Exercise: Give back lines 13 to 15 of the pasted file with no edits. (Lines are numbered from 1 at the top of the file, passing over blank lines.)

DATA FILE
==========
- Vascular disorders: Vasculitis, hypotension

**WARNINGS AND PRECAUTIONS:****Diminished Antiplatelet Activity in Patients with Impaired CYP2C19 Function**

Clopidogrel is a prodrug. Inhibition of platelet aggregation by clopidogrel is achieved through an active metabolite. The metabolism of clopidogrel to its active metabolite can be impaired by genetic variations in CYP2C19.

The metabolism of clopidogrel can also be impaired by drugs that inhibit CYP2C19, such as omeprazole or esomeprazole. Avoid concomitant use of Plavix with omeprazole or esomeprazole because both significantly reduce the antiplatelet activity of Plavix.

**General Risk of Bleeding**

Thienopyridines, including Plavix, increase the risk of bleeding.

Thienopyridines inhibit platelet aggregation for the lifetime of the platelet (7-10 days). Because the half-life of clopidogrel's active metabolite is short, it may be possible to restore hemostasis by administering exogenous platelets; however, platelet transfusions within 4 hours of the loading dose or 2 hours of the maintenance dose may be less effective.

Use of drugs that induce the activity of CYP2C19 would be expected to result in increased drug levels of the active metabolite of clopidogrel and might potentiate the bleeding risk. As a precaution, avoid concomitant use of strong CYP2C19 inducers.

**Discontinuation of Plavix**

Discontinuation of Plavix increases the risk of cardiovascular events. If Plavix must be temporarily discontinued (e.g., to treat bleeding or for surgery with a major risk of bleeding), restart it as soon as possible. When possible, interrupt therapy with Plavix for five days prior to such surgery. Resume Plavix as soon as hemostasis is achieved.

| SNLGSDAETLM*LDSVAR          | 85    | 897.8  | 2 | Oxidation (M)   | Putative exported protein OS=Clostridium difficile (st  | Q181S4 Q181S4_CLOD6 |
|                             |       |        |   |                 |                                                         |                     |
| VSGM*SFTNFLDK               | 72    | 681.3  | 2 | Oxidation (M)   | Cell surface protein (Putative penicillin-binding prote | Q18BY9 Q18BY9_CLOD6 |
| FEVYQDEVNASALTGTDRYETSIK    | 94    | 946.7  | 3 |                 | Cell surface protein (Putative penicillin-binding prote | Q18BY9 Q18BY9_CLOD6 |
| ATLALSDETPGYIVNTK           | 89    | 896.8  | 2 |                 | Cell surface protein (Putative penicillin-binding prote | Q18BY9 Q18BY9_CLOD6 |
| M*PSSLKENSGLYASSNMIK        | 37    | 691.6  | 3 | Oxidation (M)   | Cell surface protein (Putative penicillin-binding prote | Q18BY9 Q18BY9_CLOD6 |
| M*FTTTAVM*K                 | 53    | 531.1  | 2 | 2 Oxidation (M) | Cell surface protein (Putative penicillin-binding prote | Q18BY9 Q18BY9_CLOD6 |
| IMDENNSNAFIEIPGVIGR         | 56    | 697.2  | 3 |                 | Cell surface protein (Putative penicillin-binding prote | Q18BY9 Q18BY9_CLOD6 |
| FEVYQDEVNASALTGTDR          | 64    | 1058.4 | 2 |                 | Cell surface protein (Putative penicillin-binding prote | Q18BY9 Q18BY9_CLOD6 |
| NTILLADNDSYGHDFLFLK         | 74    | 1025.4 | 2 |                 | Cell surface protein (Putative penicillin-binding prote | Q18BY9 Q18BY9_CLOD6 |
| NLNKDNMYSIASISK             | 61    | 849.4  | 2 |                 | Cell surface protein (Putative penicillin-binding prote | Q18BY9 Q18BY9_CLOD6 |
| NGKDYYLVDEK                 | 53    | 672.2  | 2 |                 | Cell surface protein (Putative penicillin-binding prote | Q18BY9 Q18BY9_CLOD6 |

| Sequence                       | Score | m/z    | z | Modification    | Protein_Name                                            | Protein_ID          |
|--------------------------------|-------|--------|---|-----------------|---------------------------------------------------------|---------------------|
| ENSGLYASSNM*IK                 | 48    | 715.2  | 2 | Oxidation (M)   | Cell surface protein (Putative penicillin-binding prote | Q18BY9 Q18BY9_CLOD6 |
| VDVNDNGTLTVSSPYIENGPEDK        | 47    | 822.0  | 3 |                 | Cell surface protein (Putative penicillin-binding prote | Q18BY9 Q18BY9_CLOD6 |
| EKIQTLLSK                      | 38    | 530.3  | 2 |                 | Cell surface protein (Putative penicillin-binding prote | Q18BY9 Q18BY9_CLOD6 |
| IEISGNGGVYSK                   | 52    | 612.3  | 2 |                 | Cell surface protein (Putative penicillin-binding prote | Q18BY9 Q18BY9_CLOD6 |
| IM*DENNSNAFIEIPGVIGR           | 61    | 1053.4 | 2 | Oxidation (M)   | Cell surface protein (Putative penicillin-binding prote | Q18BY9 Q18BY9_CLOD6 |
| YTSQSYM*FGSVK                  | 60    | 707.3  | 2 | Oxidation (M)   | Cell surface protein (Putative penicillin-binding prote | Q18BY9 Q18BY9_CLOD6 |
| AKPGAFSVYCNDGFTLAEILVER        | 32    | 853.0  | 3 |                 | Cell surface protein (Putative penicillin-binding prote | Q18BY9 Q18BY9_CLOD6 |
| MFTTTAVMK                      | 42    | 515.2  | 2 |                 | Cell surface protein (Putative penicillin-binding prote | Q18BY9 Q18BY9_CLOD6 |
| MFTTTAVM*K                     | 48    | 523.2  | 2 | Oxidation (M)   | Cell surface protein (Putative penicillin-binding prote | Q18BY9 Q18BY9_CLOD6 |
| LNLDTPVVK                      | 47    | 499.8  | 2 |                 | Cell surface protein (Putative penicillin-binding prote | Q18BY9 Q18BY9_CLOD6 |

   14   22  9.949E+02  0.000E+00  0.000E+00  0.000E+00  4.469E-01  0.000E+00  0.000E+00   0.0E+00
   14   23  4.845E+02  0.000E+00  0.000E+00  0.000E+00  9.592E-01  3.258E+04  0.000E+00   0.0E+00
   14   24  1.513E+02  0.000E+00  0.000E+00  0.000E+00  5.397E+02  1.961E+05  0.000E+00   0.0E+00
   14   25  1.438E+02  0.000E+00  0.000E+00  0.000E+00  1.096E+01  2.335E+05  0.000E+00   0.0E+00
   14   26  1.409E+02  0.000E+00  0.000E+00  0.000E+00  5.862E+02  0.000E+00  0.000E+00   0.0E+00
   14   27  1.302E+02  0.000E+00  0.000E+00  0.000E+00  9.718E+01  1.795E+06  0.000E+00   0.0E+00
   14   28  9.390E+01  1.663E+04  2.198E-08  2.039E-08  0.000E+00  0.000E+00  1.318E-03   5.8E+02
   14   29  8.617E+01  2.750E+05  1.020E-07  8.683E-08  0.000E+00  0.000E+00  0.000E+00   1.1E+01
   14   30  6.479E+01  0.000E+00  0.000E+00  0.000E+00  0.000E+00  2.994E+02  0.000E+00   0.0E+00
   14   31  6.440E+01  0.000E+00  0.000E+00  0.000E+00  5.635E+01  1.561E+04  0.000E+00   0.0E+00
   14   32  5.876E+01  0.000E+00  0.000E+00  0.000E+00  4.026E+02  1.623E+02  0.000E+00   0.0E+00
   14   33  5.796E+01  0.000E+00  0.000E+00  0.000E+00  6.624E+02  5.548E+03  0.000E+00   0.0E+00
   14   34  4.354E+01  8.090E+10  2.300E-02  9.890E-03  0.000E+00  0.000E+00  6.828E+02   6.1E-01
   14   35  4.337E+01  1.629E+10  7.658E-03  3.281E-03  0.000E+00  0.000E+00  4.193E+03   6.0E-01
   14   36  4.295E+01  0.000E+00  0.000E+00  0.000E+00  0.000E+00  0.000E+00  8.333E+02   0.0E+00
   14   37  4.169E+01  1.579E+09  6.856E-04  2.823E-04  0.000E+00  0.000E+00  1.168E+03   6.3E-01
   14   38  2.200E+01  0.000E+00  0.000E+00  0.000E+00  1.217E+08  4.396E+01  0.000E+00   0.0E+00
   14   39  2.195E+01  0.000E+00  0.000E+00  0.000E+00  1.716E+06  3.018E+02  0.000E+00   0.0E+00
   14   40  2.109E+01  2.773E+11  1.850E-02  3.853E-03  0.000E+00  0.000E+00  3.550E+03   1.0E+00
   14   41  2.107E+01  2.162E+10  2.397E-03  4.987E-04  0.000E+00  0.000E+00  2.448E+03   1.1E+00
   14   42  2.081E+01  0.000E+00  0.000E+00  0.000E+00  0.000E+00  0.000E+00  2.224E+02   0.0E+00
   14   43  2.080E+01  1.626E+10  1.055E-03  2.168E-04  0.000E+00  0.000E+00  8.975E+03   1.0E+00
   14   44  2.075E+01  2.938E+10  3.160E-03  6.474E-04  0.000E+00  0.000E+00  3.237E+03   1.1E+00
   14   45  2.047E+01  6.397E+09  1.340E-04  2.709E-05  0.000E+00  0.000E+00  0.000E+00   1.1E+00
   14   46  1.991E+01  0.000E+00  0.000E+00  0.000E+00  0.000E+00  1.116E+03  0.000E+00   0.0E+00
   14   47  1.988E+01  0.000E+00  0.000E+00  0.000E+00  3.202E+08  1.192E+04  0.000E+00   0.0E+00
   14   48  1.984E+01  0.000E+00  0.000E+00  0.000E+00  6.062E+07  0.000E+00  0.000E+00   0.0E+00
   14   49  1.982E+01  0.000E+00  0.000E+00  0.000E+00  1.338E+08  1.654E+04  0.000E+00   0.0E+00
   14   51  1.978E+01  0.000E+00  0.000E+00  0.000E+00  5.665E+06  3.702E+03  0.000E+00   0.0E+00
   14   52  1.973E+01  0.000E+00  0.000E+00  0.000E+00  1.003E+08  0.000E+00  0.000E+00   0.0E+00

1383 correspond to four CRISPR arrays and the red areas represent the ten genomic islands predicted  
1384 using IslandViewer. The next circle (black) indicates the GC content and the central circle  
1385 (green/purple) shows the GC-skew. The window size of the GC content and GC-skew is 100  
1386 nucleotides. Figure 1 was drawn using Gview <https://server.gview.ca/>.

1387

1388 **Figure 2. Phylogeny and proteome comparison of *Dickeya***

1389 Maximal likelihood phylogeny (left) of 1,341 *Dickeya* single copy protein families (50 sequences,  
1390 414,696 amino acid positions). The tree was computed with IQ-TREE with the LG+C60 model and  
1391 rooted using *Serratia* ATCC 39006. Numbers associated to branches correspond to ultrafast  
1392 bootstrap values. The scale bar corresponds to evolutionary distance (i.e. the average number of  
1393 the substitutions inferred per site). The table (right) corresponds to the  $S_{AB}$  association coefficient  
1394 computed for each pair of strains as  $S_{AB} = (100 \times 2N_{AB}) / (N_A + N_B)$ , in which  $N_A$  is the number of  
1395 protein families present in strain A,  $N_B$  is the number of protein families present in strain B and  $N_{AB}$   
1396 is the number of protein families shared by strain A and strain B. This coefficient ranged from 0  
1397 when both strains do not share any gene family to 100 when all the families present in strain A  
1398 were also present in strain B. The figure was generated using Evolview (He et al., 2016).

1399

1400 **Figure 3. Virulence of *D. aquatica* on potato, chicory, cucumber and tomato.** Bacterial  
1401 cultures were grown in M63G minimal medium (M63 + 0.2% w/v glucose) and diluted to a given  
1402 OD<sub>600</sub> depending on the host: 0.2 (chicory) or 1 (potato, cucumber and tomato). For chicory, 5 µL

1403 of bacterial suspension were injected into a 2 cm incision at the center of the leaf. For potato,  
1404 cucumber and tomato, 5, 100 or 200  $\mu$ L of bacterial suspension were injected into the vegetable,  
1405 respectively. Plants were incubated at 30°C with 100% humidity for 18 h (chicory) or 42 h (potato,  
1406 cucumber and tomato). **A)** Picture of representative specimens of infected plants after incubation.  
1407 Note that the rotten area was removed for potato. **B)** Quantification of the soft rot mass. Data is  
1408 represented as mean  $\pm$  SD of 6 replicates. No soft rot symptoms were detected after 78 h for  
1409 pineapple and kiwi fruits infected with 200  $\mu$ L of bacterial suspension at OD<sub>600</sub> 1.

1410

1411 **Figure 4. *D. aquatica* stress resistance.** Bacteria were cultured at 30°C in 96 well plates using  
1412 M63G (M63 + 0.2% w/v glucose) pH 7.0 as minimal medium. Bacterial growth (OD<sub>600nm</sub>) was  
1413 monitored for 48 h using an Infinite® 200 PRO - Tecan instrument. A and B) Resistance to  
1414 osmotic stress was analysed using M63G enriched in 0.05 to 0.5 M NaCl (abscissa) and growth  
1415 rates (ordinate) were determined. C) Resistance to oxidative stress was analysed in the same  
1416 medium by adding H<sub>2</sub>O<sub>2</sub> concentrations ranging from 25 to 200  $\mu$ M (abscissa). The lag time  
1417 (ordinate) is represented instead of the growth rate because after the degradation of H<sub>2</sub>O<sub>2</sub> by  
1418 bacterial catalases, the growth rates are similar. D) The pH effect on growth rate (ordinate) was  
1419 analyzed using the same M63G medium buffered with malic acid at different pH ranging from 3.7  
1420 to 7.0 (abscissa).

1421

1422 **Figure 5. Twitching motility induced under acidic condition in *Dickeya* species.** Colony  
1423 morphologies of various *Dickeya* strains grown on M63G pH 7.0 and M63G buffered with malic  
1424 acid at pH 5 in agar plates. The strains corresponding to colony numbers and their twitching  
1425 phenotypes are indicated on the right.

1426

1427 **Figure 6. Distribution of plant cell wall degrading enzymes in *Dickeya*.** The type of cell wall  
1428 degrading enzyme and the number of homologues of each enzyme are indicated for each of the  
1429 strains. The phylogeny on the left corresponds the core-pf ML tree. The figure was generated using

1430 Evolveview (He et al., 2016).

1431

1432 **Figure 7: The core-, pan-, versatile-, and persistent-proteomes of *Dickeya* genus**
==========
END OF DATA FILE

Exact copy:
| VSGM*SFTNFLDK               | 72    | 681.3  | 2 | Oxidation (M)   | Cell surface protein (Putative penicillin-binding prote | Q18BY9 Q18BY9_CLOD6 |
| FEVYQDEVNASALTGTDRYETSIK    | 94    | 946.7  | 3 |                 | Cell surface protein (Putative penicillin-binding prote | Q18BY9 Q18BY9_CLOD6 |
| ATLALSDETPGYIVNTK           | 89    | 896.8  | 2 |                 | Cell surface protein (Putative penicillin-binding prote | Q18BY9 Q18BY9_CLOD6 |